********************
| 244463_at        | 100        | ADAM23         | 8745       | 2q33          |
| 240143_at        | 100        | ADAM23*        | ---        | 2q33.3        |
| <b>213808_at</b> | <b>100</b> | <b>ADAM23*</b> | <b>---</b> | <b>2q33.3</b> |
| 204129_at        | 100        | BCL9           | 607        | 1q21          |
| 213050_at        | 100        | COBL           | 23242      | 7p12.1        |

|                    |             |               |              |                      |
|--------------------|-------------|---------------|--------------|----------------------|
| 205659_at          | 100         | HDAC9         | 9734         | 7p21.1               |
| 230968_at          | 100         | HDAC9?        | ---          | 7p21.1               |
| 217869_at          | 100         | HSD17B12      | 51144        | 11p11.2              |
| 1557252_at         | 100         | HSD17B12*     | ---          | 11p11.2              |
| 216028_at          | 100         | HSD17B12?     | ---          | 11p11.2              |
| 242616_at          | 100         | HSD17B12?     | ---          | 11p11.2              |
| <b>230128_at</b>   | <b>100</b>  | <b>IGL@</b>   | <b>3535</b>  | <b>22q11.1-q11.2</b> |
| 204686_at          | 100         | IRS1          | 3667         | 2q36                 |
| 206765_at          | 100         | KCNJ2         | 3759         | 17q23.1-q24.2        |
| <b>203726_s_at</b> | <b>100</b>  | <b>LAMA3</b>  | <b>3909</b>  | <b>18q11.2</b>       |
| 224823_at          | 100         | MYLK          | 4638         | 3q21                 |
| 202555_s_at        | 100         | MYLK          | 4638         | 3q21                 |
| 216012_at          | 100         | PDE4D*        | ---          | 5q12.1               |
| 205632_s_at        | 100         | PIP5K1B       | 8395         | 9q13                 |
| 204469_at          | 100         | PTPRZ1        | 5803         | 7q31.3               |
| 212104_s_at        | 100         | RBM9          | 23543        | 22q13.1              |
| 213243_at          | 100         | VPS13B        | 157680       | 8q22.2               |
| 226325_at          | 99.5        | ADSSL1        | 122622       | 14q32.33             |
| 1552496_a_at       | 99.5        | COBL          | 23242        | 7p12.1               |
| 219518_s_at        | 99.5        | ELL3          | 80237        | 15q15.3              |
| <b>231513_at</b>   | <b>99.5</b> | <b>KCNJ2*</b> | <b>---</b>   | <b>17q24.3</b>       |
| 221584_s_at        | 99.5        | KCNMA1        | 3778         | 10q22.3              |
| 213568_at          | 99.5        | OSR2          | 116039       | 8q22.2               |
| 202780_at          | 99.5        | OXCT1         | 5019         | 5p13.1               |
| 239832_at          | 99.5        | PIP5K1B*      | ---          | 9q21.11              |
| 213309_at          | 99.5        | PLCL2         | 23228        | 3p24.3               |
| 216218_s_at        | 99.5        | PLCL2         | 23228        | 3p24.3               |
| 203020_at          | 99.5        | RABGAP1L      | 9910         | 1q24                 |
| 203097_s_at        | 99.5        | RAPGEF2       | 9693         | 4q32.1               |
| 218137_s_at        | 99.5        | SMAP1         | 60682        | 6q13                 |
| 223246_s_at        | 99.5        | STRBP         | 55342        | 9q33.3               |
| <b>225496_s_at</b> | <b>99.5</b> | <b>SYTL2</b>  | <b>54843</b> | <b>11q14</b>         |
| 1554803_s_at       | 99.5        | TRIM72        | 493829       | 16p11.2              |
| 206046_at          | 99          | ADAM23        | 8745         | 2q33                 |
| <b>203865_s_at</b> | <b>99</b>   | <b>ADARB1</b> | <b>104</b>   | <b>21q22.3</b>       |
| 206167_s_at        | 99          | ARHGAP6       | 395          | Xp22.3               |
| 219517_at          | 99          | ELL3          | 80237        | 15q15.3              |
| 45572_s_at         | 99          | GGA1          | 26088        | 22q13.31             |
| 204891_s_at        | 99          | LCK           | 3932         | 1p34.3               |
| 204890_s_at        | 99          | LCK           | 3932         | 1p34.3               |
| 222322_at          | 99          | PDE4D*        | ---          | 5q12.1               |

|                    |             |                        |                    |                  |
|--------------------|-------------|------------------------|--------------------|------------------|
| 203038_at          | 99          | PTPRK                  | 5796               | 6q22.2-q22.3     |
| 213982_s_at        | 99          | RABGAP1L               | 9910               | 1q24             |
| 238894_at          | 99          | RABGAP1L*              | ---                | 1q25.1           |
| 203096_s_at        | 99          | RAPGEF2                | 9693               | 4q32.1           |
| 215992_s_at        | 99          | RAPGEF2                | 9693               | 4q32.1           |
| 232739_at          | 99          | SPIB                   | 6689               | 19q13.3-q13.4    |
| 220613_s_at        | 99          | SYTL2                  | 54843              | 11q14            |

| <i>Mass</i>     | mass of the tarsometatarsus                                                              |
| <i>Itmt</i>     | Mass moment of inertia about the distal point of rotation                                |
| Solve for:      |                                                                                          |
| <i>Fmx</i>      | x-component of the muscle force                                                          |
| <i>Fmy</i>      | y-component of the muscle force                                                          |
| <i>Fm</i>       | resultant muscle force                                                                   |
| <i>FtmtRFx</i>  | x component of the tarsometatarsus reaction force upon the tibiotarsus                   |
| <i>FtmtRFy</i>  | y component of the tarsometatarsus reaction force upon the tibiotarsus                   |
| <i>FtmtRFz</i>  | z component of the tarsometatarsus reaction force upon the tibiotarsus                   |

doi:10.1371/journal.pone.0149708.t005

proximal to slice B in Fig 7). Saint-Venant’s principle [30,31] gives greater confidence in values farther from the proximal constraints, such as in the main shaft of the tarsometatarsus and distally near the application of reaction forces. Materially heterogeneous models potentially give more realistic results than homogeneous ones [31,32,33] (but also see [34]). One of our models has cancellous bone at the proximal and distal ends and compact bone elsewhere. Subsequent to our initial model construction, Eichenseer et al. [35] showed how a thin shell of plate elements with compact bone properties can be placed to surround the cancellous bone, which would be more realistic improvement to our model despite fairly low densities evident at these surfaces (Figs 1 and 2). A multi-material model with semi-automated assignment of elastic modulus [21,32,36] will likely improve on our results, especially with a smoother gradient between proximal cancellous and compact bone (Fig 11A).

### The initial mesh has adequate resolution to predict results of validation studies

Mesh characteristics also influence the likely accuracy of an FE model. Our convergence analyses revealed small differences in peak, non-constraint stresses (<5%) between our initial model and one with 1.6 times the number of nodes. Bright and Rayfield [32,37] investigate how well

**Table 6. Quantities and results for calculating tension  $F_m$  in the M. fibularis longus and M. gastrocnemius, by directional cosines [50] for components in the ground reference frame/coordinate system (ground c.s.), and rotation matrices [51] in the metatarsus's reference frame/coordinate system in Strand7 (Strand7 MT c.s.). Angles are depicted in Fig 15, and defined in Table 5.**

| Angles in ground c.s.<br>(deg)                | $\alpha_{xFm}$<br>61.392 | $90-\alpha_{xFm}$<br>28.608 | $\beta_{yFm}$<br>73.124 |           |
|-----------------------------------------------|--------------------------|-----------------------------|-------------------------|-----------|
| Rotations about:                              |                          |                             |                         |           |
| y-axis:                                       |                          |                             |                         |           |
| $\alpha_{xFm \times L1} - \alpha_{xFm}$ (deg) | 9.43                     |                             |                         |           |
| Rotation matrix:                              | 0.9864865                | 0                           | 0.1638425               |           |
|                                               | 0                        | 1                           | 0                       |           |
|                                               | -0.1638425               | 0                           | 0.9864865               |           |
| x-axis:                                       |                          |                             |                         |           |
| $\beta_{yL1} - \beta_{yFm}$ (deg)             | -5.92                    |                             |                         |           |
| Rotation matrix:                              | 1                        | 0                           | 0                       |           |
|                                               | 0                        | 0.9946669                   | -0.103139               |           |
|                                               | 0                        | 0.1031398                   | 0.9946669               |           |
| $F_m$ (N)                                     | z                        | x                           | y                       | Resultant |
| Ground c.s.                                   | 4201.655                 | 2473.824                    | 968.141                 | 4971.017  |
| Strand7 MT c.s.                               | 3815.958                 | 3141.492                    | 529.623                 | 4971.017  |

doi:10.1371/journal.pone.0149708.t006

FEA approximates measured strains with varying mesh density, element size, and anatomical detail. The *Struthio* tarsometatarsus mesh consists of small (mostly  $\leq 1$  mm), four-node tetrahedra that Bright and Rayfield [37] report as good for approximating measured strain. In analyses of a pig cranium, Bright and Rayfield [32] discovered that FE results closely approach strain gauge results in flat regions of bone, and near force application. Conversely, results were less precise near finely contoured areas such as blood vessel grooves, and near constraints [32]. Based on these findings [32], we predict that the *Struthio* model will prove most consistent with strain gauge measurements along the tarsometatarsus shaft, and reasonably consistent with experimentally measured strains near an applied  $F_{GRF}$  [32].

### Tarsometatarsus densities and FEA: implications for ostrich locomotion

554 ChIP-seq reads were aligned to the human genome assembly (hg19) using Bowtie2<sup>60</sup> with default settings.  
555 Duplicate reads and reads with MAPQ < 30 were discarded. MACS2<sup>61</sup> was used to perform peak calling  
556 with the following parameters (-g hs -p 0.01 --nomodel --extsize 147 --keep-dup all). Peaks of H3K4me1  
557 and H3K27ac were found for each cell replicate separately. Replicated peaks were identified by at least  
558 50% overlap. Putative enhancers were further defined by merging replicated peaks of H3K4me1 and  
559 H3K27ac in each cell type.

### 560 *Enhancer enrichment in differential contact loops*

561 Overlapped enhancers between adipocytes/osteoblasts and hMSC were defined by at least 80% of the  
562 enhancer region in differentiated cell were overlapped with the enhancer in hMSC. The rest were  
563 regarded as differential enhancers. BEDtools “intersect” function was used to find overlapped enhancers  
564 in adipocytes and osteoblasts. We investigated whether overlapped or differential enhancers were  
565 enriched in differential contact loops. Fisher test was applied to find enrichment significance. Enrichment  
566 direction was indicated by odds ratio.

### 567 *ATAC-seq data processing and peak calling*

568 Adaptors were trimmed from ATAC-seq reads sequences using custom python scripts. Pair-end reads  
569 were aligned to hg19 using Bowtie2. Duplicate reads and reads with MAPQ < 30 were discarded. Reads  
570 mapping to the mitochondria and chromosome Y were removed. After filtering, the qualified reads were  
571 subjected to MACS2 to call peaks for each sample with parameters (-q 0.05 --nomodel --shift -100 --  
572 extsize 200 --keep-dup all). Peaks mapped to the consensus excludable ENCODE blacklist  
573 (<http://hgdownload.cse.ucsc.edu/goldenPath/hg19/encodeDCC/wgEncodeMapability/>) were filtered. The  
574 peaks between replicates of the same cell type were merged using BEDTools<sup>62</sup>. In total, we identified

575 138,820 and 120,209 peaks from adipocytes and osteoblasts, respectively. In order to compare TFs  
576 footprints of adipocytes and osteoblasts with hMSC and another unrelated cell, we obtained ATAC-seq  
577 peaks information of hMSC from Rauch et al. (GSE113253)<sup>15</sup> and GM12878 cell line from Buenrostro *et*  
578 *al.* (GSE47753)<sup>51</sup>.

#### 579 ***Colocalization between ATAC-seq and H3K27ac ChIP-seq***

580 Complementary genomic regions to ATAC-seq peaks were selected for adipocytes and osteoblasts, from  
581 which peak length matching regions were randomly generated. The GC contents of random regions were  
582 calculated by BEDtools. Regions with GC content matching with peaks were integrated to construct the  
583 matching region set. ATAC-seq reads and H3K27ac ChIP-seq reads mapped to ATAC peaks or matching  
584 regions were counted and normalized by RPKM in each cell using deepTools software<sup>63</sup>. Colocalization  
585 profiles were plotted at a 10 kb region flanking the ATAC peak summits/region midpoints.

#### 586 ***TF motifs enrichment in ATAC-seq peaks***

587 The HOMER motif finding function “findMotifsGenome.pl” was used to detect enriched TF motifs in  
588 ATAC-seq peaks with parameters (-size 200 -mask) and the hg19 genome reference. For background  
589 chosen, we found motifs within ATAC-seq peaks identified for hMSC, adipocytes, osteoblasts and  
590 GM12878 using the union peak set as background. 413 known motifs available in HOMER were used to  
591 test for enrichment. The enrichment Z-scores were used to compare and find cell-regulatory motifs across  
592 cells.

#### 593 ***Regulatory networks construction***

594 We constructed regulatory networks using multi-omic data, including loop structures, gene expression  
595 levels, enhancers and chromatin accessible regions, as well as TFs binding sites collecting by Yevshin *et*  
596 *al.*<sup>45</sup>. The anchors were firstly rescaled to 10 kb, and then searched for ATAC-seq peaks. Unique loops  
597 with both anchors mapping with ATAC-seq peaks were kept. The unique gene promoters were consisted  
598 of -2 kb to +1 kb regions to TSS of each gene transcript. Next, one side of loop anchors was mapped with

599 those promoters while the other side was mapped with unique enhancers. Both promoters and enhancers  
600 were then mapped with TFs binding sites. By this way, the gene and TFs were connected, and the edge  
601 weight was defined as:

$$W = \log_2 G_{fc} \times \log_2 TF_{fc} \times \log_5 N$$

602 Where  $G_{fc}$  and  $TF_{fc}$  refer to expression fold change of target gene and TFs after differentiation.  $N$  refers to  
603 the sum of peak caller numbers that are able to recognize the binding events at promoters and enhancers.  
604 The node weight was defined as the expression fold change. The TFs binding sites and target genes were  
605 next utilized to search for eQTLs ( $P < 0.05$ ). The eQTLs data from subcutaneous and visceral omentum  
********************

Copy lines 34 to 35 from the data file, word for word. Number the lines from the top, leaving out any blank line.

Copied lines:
| 216218_s_at        | 99.5        | PLCL2         | 23228        | 3p24.3               |
| 203020_at          | 99.5        | RABGAP1L      | 9910         | 1q24                 |